In fact the Talmud Yerushalmi states that we will be held to account for all the joys we neglected to celebrate. When we approach the heavenly court we will be asked in effect, “Did we rejoice enough?” That in a nutshell is the Jewish message. Revel in life. Celebrate life. Most especially celebrate the gift of Torah. And never pass up an opportunity to join a party.

May this year offer us many opportunities to celebrate. May this year offer us many opportunities to learn from this Torah.

Simhat Torah

What joy!  We begin the Torah reading again.  This is the sentiment surrounding Simhat Torah, the concluding holiday of the busy month of Tishrei.  On this day we proclaim, “I am privileged to reach this milestone again.  I am blessed to open this book again.  I am overjoyed that I can unroll the Torah scroll yet again.”

For Judaism the greatest blessing is not the new, but to return to the old, the familiar.  We return to this same book year after year.  We read the Torah every year in the hope, and with the faith, that we will find something new there.  In these pages we believe we will discover something new and restorative. 

It is this same sentiment that accompanies our visits to the land of Israel.  When we journey there we return to the land.  It may very well be a modern state but in our souls we know that we are returning to an ancient land.  This is Israel’s great and lasting power.  (We rejoice as well about Gilad Shalit’s return!)

So much of modern day life is about the new.  Do you have the iPhone 4S or are you waiting for the iPhone 5?  Have you replaced your LCD TV with an LED TV?  Moreover why watch football on a regular TV when you can watch it in 3-D?  Such is the sentiment of contemporary culture.  The newer something is the better it is called.

It is a bitter irony that the man who relentlessly developed such technologies and more efficient ways of communicating spent his life estranged from his birth father.  Because Steve Jobs’ birth parents were not married when he was born they gave him up for adoption. After hiring a detective to find his birth parents, he developed a relationship with his birth mother and sister, but never his father.  Despite extraordinary wealth, unrivaled technology and seemingly effortless communication tools, parts of Steve Jobs’ life remained fractured.  What is new does not always redeem.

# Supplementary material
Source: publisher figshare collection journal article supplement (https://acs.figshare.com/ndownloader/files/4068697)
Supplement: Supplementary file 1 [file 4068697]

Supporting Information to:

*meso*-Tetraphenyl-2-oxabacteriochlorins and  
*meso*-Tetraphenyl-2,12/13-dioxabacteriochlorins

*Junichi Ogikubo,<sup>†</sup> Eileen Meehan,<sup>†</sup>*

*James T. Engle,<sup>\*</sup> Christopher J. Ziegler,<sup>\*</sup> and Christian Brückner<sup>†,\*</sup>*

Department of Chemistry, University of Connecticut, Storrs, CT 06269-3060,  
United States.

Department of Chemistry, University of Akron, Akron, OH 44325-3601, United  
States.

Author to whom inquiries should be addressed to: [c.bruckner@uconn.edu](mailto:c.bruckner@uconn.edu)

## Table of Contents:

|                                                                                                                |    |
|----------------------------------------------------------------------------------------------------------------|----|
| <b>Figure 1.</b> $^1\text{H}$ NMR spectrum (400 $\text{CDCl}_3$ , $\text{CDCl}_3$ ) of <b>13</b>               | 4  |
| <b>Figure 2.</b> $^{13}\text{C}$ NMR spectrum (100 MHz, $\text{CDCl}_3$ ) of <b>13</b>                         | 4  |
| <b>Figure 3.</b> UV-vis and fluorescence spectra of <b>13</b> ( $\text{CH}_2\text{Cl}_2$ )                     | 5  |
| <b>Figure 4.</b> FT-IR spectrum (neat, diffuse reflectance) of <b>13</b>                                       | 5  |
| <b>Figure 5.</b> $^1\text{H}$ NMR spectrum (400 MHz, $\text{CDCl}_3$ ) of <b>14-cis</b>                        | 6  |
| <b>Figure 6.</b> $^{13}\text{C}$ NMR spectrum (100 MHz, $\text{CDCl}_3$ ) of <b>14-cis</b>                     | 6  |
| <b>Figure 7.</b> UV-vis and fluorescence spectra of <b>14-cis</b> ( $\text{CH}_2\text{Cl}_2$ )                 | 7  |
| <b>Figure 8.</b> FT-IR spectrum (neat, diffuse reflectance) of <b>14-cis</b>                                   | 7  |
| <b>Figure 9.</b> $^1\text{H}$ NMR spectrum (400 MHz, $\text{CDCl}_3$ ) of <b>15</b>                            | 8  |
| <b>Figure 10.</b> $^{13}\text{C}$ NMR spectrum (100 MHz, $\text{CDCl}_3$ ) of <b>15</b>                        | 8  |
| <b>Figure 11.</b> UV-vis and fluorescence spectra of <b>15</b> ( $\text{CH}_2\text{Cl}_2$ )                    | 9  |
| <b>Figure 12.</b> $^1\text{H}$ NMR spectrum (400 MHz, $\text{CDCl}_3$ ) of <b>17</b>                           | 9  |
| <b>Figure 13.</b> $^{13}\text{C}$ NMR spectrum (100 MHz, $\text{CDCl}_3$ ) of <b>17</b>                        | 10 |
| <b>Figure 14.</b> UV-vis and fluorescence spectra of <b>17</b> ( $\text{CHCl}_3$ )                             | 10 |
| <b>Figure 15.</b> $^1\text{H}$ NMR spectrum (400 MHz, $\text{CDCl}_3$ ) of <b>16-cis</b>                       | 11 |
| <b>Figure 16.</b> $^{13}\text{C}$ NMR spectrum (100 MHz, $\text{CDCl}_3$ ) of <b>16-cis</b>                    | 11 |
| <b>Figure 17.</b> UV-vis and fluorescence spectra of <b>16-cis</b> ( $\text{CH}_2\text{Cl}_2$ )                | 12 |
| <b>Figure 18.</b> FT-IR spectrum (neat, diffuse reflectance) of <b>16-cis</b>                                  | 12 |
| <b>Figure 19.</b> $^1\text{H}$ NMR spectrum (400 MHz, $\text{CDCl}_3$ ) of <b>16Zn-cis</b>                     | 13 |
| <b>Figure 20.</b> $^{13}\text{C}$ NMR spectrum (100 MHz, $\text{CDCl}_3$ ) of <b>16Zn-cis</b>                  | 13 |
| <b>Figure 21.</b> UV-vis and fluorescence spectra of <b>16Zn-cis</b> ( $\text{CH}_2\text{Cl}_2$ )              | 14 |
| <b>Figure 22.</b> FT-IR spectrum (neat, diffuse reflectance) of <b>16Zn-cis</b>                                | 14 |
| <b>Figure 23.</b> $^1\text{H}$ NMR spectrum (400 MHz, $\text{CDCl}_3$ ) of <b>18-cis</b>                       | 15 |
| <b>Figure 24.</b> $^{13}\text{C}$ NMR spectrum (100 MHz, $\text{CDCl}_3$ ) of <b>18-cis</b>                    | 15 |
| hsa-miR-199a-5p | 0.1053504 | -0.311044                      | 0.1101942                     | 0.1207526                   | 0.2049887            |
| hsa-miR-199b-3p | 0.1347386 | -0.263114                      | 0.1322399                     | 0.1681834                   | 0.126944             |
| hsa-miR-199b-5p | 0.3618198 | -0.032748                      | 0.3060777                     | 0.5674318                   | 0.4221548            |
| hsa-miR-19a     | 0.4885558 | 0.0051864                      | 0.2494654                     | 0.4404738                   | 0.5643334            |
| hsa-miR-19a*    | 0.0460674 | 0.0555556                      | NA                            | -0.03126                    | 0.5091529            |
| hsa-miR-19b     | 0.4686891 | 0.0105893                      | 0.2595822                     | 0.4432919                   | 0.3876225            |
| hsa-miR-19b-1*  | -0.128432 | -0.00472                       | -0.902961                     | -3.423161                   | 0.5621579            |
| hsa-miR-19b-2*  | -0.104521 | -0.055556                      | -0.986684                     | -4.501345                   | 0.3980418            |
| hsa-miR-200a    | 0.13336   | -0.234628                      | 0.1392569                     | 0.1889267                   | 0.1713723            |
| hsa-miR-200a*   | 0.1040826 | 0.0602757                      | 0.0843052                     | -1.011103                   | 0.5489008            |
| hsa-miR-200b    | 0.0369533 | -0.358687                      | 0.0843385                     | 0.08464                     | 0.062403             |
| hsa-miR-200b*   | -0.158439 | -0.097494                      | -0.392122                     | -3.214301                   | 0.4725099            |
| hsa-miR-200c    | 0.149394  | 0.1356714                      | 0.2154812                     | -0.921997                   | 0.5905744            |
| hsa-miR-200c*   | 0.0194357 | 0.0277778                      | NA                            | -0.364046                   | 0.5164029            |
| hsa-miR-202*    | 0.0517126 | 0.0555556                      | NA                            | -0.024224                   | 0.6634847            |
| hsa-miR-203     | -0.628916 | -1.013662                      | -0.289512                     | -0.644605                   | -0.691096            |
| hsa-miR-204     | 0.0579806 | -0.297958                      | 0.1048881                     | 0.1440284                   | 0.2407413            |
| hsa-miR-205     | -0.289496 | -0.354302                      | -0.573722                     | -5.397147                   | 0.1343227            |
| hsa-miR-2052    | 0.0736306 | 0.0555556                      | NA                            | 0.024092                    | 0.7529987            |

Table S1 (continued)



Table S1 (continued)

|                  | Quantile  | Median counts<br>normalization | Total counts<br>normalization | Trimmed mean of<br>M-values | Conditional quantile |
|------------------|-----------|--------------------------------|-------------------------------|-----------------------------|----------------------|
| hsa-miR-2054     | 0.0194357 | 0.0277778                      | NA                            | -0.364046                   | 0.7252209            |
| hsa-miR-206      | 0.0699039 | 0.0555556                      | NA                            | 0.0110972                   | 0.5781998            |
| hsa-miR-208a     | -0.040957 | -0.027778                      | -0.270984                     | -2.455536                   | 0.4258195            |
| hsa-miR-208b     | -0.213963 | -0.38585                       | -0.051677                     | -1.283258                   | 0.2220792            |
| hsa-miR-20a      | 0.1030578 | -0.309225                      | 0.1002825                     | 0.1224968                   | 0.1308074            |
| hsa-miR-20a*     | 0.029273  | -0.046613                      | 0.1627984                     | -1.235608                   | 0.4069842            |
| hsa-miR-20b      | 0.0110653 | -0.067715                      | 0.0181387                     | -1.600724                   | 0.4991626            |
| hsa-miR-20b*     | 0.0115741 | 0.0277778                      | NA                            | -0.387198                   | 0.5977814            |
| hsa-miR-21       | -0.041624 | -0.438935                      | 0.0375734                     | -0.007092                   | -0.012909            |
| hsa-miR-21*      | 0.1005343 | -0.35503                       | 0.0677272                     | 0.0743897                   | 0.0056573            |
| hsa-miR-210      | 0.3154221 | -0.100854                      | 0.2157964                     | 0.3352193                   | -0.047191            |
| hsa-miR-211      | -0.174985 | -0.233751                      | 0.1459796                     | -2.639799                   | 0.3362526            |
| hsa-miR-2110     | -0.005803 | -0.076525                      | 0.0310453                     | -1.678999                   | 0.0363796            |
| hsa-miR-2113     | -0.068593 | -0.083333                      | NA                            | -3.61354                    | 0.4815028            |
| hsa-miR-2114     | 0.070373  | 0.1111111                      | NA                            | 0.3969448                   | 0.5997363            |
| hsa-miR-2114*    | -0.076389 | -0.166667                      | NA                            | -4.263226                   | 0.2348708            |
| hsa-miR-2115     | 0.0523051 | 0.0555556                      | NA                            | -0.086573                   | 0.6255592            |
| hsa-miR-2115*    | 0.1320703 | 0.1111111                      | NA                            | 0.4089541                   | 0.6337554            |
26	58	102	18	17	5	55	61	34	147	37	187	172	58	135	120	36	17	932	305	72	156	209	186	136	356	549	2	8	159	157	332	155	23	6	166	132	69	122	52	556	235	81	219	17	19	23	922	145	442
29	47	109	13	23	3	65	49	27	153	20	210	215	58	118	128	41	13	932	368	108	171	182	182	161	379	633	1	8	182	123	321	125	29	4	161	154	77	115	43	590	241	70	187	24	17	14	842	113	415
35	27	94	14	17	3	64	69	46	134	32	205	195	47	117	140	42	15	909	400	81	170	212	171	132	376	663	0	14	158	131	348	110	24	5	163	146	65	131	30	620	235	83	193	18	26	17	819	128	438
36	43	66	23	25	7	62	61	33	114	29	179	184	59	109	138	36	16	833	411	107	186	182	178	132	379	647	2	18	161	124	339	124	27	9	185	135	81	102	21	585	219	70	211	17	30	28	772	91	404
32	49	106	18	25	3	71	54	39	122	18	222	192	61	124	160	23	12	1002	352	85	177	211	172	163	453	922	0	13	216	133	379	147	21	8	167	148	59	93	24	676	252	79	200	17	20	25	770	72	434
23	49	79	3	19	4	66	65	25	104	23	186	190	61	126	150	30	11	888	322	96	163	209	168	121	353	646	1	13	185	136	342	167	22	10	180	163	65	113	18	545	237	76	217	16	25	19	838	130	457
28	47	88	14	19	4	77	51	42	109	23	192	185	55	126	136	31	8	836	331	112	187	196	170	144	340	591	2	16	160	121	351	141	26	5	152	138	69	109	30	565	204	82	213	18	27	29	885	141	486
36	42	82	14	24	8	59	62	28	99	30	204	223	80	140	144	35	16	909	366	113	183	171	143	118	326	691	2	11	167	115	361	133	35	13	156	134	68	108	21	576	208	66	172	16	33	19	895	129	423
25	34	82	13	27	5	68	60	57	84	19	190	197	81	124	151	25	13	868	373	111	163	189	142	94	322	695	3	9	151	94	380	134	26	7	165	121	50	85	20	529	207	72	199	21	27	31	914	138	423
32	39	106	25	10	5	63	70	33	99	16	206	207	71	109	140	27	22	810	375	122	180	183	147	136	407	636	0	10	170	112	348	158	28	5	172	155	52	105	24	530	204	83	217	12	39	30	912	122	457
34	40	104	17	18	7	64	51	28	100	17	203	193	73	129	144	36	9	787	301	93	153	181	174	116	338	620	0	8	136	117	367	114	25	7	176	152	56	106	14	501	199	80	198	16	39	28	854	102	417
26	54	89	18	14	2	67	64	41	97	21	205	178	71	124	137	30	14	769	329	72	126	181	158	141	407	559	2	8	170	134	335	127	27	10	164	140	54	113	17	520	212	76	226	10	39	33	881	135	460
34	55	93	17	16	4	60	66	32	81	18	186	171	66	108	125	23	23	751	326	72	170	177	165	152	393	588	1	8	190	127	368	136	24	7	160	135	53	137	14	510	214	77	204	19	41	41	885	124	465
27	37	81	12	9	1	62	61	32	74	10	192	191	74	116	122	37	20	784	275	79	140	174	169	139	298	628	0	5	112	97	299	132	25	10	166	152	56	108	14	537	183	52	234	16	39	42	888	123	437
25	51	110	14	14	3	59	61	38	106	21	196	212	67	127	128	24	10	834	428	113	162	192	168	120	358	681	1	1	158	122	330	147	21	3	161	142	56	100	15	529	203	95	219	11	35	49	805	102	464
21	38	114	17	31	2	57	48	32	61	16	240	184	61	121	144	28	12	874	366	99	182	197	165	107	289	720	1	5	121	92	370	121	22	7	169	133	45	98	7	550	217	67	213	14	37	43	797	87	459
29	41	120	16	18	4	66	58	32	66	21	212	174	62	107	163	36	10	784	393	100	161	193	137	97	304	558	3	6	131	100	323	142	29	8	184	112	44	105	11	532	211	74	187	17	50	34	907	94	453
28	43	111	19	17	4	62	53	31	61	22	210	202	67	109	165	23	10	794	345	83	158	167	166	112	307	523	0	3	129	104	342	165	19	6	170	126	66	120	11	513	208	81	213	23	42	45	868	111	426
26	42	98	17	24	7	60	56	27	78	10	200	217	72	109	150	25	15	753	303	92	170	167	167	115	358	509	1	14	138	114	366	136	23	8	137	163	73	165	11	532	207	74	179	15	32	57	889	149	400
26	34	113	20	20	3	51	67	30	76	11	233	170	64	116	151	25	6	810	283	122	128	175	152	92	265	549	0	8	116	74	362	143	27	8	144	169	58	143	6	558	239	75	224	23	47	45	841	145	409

This is why Judaism suggests that the new is discovered in the old.  We believe that it is in the old, in the ordinary, and in the most basic of relationships that truth is revealed.  On the High Holidays we prayed that we might return to our truer selves, that we might rediscover the lofty purpose of our lives. 

Even the bar and bat mitzvah on which we lavish so much attention is not the celebration of something new.  It is not simply a thirteenth birthday party.  It is instead the arrival at something old.  On that day our son or daughter peers at the lettering of the Torah scroll and becomes linked to past generations. They return to the faith of their ancestors.  Of course no generation’s faith is the same as its predecessor’s.  Yet holding the scroll close to their hearts they reclaim their parent’s faith as their own. In the ancient calligraphy of the Torah scroll they also discover something new about themselves. 

In our return we always discover something new.   Such is our faith.  This is our belief.  This is our celebration on Simhat Torah.

Sukkot Sermon

This Shabbat we find ourselves in the midst of the holiday of Sukkot.  This day has its origins both in the agricultural seasons and Jewish history.  In ancient times our ancestors used to build booths at their distant fields in order to make the fall harvesting easier.  Our sukkot are thus reminiscent of this attachment to the land.  Our booths also recall our wanderings through the desert, wandering from our freedom in Egypt to the giving of the Torah on Mount Sinai.  We travel between Passover and Shavuot.  Sukkot therefore marks not a destination but a journey.

Moreover the entire Torah is a record of this journey.  Like so many camping trips we were not always at our best.  As we traveled we sometimes complained.  This makes this holiday even more curious.  Here is a day that marks a journey rather than the arrival at the intended destination.  Ponder this.  Most holidays are about getting there, or getting out of there rather than traveling to there.  The message in this holiday is therefore that we are always journeying.  We are never completely there.  If you think you have arrived then your goals are too small.  That is Sukkot’s power and its message.

This brings me to recent news and the announcement that Gilad Shalit will soon be home.  What extraordinary news.  He has been held for over five years in captivity.  He has been held against all international laws.  He has been denied visitors even from the Red Cross.  His journey from captivity will soon be over.

I am proud and saddened by this moment.  Netanyahu and Israel have agreed to trade over 1,000 prisoners for one life.  I am sad that murderers will go free.  I am saddened that those who have killed will be free and that those who lost family members will see these terrorists come home to a heroes’ welcome.  That might be almost too much to bear and far too much to imagine.